Convert .NET Framework objects into Comma-Separated Value (CSV) variable-length strings.
Syntax ConvertTo-CSV [[-Delimiter] char] [-InputObject] psobject [-NoTypeInformation] [CommonParameters] ConvertTo-CSV [-UseCulture] [-InputObject] psobject [-NoTypeInformation] [CommonParameters] key -Delimiter char The delimiter to separate property values. Default = comma (,). Enter a character, such as a colon (:). To specify a semicolon (;), enclose it in quotation marks. Otherwise, it will be interpreted as the command delimiter. -InputObject psobject The objects to export as CSV strings. Enter a variable that contains the objects or type an expression that returns the objects. You can also pipe objects to ConvertTo-CSV. -NoTypeInformation Omit the type information header from the output. By default, the string in the output contains "#TYPE " followed by the fully-qualified name of the type of the .NET Framework object. -UseCulture Use the list separator for the current culture as the data delimiter. Default = comma (,) This parameter is very useful in scripts that are being distributed to users worldwide. To find the list separator for a culture, use the following: (Get-Culture).TextInfo.ListSeparator.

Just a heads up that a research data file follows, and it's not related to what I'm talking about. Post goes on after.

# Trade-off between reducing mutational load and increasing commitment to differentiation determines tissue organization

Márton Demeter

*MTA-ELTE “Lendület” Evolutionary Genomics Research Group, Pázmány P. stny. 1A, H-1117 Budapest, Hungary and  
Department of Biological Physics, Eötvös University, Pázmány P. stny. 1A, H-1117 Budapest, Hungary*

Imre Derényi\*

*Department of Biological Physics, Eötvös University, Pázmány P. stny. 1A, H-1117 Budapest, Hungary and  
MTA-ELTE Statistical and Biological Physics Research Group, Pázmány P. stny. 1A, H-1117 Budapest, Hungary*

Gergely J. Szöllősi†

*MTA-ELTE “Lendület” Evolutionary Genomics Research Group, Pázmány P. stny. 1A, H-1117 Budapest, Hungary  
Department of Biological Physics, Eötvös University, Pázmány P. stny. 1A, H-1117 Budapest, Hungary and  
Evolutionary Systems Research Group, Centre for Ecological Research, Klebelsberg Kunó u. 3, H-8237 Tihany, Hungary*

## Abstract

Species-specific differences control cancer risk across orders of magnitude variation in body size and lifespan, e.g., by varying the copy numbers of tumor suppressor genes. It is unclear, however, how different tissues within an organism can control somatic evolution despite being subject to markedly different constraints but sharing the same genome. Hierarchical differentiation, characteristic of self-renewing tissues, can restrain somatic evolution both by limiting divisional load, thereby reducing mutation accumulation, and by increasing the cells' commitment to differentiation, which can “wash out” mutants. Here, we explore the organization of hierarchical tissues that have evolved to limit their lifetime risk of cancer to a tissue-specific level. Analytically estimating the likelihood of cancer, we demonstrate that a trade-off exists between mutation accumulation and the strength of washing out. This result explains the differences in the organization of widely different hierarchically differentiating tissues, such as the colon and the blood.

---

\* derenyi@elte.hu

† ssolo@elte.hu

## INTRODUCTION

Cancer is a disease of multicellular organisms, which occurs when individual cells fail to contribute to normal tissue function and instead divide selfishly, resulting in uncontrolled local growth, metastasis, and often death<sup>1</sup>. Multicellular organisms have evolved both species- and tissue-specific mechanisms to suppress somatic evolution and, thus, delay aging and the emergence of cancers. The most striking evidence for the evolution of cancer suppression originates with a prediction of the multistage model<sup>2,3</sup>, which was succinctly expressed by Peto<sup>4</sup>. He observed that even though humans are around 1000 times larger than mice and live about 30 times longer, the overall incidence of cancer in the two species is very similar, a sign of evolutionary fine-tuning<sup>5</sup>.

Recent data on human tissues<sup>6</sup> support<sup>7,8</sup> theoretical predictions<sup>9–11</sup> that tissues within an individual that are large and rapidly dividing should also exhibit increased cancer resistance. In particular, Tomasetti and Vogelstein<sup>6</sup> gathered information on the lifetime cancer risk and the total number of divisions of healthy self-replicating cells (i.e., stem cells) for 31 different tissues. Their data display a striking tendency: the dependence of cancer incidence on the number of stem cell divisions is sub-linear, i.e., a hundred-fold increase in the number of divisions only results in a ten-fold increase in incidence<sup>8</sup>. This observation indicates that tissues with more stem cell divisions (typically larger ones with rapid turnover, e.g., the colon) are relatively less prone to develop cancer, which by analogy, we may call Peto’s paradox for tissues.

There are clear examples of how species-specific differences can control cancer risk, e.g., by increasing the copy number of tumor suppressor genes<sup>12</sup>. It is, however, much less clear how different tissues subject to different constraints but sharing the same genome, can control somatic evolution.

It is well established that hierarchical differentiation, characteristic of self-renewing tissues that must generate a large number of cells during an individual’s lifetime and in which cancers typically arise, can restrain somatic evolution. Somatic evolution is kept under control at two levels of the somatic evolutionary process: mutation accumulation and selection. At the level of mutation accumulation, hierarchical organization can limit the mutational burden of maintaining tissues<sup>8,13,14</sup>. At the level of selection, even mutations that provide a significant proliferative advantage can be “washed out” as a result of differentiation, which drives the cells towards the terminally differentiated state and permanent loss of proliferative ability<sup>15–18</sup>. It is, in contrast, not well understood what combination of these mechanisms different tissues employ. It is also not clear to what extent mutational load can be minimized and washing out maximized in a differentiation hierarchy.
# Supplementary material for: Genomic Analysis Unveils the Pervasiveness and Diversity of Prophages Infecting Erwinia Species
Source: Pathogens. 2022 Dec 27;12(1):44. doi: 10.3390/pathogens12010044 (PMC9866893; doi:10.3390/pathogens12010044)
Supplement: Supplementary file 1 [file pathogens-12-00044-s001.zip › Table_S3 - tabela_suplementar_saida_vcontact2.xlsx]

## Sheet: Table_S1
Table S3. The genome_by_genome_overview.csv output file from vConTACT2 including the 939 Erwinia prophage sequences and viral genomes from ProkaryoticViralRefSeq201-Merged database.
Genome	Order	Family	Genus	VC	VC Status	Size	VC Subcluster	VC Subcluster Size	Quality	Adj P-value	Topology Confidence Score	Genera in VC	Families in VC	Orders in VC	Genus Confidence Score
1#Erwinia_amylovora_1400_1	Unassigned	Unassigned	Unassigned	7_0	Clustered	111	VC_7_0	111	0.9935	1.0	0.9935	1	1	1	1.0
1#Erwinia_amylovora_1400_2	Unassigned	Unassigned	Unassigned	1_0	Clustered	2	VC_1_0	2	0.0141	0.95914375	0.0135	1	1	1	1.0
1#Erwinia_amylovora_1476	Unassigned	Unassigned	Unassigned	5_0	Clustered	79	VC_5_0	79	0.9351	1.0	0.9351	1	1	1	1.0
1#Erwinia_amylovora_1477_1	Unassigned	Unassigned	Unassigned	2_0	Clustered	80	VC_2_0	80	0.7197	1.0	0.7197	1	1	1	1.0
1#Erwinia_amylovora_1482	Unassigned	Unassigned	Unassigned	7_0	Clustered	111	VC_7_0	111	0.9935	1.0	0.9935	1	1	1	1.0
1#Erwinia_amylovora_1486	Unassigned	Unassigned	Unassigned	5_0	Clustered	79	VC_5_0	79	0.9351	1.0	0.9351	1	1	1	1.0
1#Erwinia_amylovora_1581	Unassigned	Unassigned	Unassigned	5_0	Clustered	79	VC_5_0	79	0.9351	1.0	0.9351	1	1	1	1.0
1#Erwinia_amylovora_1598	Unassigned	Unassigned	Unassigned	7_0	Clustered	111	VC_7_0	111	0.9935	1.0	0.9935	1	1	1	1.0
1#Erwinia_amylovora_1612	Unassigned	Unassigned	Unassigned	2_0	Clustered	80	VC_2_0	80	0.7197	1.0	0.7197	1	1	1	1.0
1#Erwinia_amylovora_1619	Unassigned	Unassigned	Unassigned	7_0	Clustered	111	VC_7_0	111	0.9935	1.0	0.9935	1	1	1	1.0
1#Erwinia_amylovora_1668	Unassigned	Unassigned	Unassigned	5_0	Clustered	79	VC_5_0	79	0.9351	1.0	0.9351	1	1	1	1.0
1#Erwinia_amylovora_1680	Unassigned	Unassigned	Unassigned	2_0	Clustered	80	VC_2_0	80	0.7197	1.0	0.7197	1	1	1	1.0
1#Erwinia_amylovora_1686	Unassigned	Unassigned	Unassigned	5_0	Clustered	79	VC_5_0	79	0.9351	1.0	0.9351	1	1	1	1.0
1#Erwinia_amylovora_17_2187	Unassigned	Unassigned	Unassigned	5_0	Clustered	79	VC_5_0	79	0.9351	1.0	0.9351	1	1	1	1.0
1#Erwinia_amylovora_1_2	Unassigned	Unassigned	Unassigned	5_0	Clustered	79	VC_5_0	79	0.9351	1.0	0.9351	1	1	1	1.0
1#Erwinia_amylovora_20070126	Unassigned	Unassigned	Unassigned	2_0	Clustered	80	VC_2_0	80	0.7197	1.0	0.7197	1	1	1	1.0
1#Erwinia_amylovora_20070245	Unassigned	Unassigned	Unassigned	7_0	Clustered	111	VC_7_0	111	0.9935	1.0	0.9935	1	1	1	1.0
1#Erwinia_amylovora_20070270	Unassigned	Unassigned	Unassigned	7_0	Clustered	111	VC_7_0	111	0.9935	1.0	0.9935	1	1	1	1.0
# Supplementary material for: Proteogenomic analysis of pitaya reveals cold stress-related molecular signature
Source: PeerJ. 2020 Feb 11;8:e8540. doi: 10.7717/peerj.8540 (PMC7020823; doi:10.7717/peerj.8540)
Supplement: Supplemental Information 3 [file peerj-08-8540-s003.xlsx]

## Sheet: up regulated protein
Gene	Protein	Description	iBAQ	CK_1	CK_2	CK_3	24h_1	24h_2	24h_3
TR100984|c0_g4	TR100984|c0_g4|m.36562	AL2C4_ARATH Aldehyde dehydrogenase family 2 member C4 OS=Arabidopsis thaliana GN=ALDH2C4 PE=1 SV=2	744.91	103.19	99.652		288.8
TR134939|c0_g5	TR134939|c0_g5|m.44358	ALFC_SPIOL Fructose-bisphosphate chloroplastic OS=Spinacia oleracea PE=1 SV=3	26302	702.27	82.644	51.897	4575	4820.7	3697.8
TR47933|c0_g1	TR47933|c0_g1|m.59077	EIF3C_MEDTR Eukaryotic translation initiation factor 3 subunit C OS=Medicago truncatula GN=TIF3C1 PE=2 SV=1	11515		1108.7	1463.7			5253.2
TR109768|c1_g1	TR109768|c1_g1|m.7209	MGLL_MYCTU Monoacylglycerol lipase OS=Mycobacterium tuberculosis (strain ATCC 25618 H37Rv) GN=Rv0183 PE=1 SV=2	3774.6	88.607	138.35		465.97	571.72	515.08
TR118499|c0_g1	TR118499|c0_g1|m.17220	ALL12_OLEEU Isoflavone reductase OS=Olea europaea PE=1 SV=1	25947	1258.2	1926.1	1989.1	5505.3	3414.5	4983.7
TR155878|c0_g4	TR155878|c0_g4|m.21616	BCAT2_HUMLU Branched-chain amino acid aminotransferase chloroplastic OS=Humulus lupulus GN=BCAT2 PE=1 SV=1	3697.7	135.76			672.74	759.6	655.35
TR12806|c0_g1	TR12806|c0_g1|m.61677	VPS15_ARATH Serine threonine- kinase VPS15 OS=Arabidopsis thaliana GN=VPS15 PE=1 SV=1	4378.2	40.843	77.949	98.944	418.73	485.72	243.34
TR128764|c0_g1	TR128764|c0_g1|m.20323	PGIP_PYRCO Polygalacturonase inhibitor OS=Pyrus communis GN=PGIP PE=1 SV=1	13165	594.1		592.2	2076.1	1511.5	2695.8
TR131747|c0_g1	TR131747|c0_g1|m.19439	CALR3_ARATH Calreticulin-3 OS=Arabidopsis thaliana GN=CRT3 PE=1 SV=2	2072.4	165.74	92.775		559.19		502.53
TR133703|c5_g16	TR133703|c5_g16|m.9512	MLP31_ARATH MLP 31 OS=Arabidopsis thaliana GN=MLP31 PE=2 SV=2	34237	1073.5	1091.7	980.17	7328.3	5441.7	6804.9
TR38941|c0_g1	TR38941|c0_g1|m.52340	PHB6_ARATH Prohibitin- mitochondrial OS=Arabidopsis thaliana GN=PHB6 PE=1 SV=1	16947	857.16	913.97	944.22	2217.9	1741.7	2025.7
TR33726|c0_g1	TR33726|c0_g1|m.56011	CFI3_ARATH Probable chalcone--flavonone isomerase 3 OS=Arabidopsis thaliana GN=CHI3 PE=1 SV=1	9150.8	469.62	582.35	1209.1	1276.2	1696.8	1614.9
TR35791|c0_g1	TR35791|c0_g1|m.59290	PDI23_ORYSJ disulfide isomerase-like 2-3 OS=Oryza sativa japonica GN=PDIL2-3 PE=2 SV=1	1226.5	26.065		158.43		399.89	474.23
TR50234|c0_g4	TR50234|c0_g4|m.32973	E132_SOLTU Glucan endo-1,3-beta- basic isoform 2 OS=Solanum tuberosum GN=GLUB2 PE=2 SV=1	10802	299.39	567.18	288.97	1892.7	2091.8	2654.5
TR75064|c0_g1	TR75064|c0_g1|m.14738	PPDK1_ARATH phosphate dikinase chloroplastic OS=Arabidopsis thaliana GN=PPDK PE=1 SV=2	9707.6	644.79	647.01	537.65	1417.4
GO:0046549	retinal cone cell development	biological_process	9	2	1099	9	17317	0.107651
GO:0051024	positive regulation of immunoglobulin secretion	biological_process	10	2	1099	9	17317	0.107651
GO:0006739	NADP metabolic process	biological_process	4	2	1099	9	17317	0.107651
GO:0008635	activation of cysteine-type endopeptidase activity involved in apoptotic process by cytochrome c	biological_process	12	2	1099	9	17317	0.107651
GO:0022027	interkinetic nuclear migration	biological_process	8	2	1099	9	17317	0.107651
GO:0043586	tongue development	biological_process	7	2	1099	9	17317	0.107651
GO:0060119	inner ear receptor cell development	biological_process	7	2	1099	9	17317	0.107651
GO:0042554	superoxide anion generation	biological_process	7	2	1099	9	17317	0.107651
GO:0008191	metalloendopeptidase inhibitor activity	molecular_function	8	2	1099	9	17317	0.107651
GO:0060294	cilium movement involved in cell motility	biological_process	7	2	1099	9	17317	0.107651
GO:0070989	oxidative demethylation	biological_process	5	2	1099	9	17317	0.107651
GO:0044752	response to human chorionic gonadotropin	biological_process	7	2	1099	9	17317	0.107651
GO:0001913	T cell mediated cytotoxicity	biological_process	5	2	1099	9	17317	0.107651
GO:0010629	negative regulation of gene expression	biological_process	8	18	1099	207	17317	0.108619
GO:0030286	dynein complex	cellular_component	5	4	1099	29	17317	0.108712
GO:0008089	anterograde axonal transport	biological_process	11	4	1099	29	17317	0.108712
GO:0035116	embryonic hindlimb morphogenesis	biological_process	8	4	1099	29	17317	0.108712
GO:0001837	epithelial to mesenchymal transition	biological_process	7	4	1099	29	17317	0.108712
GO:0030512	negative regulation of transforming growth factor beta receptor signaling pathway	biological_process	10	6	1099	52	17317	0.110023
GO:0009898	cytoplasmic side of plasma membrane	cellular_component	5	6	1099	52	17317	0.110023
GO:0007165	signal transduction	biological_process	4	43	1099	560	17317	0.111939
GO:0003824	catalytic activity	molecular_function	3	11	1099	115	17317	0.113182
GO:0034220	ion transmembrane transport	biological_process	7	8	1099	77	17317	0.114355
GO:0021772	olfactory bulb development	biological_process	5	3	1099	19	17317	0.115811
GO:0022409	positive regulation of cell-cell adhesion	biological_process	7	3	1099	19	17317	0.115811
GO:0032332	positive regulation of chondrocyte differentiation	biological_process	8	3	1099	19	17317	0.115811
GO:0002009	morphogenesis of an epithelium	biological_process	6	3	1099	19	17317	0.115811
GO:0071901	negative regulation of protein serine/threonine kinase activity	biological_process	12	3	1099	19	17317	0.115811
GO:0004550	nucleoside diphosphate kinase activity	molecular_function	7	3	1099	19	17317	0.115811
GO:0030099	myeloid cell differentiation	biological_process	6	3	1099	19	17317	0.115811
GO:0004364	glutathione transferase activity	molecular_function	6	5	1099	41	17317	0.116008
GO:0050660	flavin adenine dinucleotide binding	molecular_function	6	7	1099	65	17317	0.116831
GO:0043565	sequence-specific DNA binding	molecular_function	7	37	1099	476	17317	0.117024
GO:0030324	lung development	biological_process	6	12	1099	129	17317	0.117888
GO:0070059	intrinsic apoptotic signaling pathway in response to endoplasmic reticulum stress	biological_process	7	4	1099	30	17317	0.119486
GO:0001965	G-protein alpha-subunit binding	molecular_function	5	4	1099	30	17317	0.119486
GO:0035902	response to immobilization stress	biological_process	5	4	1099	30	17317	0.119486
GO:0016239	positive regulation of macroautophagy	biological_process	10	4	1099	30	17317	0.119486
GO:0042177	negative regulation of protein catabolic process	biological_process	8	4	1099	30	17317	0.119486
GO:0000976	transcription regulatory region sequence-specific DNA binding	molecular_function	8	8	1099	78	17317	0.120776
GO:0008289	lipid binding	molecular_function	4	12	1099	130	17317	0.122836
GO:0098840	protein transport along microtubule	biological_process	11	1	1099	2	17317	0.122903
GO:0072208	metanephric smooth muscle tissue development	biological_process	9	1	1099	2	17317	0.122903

ConvertTo-CSV returns a series of comma-separated, variable-length (CSV) strings that represents the objects that you submit.
You can then use ConvertFrom-CSV to re-create objects from the CSV strings.
Export-CSV is the same as ConvertTo-CSV, except that it saves to a file.
Convert a date object to CSV format:
C:\PS> $date = get-date
C:\PS> convertto-csv -inputobject $date -delimiter ";" -notypeinformation
Convert a process object to CSV format:
C:\PS> get-process powershell | convertto-csv
Convert an event log object to CSV format:
C:\PS> get-eventlog -log "application" | convertto-csv -useculture
“Drunk with power isn't the same as being drunk with booze” - Craig Ferguson
Related PowerShell Cmdlets:
Export-Csv - Export to Comma Separated Values (spreadsheet)